The Anthropocene Reviewed by John Green


I’ve been a fan of John Green since 2014 when a fellow undergrad mentioned Looking for Alaska. I fell in love with Green’s writing like Hazel Grace falls for Augustus—slowly and then all at once. Ever since that first taste, I’ve read everything he’s published. So, when The Anthropocene Reviewed hit stores, I was the first person at my local Barnes & Noble to receive a copy. They literally had to open a box so I could purchase the book.

I realize John Green has discussed similar things in a podcast of the same name but, as of this post, I haven’t listened to an episode. I went in with nothing but the notion I would learn more about one of my favorite authors and finished with exactly what I expected. Though there’s nothing novel about John’s rating format, I enjoyed his ramblings and heavily sourced material. I learned about many things I would have never stumbled across myself, and for that I am grateful.

Though I don’t usually offer my favorite quote from books, I believe I’ll start doing so because it offers a snippet of me that you might otherwise never see. For reasons I’ll leave up to your imagination, this one stood out among the many other gems: “One of the strange things about adulthood is that you are your current self, but you are also all the selves you used to be, the ones you grew out of but can’t ever quite get rid of.”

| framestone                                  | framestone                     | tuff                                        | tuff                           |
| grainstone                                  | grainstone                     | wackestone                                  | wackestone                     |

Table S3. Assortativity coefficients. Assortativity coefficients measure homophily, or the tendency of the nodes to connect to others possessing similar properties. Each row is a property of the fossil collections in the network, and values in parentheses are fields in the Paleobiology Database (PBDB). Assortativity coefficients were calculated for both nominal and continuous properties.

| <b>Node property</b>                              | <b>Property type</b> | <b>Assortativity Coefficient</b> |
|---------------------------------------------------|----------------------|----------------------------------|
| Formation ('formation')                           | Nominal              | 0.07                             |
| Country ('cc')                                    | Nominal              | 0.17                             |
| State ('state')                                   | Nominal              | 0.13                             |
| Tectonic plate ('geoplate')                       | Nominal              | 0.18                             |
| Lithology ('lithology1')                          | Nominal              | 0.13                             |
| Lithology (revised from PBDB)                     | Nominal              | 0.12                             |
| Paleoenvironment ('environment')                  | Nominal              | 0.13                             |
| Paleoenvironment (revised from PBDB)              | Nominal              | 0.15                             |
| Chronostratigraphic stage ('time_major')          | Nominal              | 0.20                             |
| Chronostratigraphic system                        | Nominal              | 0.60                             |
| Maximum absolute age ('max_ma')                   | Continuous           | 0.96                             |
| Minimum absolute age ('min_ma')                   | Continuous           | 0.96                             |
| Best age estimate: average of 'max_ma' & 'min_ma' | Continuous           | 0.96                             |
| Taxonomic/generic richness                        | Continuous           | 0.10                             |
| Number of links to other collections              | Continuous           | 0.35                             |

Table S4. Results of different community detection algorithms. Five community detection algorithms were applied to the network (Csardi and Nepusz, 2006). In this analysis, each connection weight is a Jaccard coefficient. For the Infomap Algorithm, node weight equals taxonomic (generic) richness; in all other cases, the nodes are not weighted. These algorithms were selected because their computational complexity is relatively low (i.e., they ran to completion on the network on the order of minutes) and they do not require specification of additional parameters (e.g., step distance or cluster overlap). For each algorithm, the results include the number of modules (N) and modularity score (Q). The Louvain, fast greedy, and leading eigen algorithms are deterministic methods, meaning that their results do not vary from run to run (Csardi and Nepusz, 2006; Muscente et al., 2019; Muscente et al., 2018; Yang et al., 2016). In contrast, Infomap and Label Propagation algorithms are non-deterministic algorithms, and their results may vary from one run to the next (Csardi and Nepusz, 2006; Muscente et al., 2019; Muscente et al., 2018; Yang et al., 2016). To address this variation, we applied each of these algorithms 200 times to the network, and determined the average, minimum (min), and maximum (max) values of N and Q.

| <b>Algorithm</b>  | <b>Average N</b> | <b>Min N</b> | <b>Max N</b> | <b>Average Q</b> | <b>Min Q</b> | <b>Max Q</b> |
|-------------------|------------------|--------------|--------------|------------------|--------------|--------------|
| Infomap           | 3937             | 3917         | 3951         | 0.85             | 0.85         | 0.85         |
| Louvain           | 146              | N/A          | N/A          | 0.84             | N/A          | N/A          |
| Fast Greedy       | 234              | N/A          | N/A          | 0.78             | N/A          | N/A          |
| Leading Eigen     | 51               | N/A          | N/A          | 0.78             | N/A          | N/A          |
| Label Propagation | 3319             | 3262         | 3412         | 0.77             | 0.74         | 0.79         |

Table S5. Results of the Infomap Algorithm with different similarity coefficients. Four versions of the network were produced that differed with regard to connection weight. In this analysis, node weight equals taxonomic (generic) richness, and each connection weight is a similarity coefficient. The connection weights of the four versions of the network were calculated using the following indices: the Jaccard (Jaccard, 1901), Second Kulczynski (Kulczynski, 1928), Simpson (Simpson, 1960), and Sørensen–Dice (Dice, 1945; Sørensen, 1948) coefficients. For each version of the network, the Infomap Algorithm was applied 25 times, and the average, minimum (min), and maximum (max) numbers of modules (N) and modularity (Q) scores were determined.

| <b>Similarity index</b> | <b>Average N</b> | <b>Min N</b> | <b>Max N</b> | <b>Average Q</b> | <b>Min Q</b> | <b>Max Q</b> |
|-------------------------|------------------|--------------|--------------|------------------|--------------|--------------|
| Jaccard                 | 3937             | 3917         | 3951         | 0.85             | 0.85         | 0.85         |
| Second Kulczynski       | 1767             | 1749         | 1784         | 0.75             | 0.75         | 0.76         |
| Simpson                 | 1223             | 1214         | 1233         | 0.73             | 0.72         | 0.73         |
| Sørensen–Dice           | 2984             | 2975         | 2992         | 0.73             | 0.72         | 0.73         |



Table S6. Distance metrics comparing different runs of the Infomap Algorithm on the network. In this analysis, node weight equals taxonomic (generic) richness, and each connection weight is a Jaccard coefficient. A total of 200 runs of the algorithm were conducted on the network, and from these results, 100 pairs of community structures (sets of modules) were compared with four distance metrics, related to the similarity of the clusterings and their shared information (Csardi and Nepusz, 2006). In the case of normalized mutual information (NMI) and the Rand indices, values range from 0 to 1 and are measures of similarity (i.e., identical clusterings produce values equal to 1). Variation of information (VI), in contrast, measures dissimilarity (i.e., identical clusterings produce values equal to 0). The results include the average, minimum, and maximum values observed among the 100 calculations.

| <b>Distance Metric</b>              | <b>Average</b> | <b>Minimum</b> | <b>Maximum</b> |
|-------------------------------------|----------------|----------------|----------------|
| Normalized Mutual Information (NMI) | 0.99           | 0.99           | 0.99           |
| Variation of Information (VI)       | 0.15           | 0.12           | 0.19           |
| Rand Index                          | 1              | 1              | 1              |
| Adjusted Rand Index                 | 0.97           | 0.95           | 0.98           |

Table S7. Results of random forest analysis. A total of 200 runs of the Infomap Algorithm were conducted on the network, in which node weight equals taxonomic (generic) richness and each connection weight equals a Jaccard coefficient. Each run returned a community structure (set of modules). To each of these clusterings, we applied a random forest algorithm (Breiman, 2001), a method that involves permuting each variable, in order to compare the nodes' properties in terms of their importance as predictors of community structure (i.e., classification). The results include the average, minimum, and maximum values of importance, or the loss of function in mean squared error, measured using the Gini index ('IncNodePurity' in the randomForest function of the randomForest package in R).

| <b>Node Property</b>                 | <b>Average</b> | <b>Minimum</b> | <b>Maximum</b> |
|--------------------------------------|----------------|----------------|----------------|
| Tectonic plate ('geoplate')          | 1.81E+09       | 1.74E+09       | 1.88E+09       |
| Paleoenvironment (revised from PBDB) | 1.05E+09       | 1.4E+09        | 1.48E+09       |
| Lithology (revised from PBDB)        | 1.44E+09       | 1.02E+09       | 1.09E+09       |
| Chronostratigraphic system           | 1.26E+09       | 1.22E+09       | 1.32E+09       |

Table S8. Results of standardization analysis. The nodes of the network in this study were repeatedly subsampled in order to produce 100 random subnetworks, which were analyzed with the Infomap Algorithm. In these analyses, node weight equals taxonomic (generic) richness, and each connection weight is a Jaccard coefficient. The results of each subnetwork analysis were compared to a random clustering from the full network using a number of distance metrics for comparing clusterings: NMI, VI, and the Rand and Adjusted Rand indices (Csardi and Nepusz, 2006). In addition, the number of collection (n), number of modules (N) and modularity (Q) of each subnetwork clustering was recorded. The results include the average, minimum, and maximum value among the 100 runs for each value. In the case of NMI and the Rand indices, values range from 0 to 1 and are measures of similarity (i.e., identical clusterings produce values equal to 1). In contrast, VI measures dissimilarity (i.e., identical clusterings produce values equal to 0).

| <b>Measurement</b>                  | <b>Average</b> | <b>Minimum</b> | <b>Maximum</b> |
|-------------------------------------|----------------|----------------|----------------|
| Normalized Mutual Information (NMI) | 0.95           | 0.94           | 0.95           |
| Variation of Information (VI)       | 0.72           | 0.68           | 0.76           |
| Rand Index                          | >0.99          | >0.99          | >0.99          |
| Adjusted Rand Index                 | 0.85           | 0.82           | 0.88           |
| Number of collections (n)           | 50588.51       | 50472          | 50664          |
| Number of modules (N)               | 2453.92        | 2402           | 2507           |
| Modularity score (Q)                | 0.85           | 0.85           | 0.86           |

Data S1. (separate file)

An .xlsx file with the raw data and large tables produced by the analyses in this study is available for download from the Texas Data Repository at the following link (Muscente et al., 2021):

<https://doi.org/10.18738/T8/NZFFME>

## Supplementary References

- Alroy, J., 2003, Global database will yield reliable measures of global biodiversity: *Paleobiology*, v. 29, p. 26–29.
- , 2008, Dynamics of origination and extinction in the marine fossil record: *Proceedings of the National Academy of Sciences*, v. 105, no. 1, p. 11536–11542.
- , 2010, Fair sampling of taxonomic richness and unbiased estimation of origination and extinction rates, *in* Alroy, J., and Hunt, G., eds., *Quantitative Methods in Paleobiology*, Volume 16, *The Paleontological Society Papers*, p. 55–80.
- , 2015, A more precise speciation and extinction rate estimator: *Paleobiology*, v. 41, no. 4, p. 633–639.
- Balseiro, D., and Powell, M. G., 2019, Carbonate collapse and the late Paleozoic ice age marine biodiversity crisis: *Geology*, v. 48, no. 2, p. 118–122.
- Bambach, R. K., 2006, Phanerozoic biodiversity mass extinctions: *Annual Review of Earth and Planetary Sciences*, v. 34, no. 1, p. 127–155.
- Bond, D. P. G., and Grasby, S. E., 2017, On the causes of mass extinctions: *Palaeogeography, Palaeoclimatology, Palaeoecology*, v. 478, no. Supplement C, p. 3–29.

I give The Anthropocene Reviewed five stars.

Misfits by Michaela Coel


I love Michaela Coel. After watching Chewing Gum and I May Destroy You, she became one of my favorite writers/directors. Her storytelling, particularly in I May Destroy You, was so brilliant that I had a difficult time not rewatching the limited series as soon as I was finished. Coel has a knack for character development that I admire and aspire toward.

When I heard about Misfits, I immediately placed it on my TBR. Though not as gripping as her TV dramas, I found Coel's message inspiring and thought-provoking. I'm sure her words will find the "misfits" and provide wisdom and light to those needing encouragement.

Let Me Tell You What I Mean by Joan Didion


I have always been a fan of Didion’s work. Let Me Tell You What I Mean is no exception. Though I’ll admit the final essay regarding Martha Stewart was longer than I felt it needed to be, I appreciated her take on MS’s success and fan base. The rest of the pieces were concise, intriguing, and poignant — as is Didion’s signature.

If you haven’t already picked this one up, I recommend it. If you haven’t had the pleasure of reading Didion’s work, now is the time to dip your toes in.

There’s something for everyone. She is known for her contributions to New Journalism (alongside the great Norman Mailer) but has written a number of novels as well; my personal favorite is Play It As It Lays.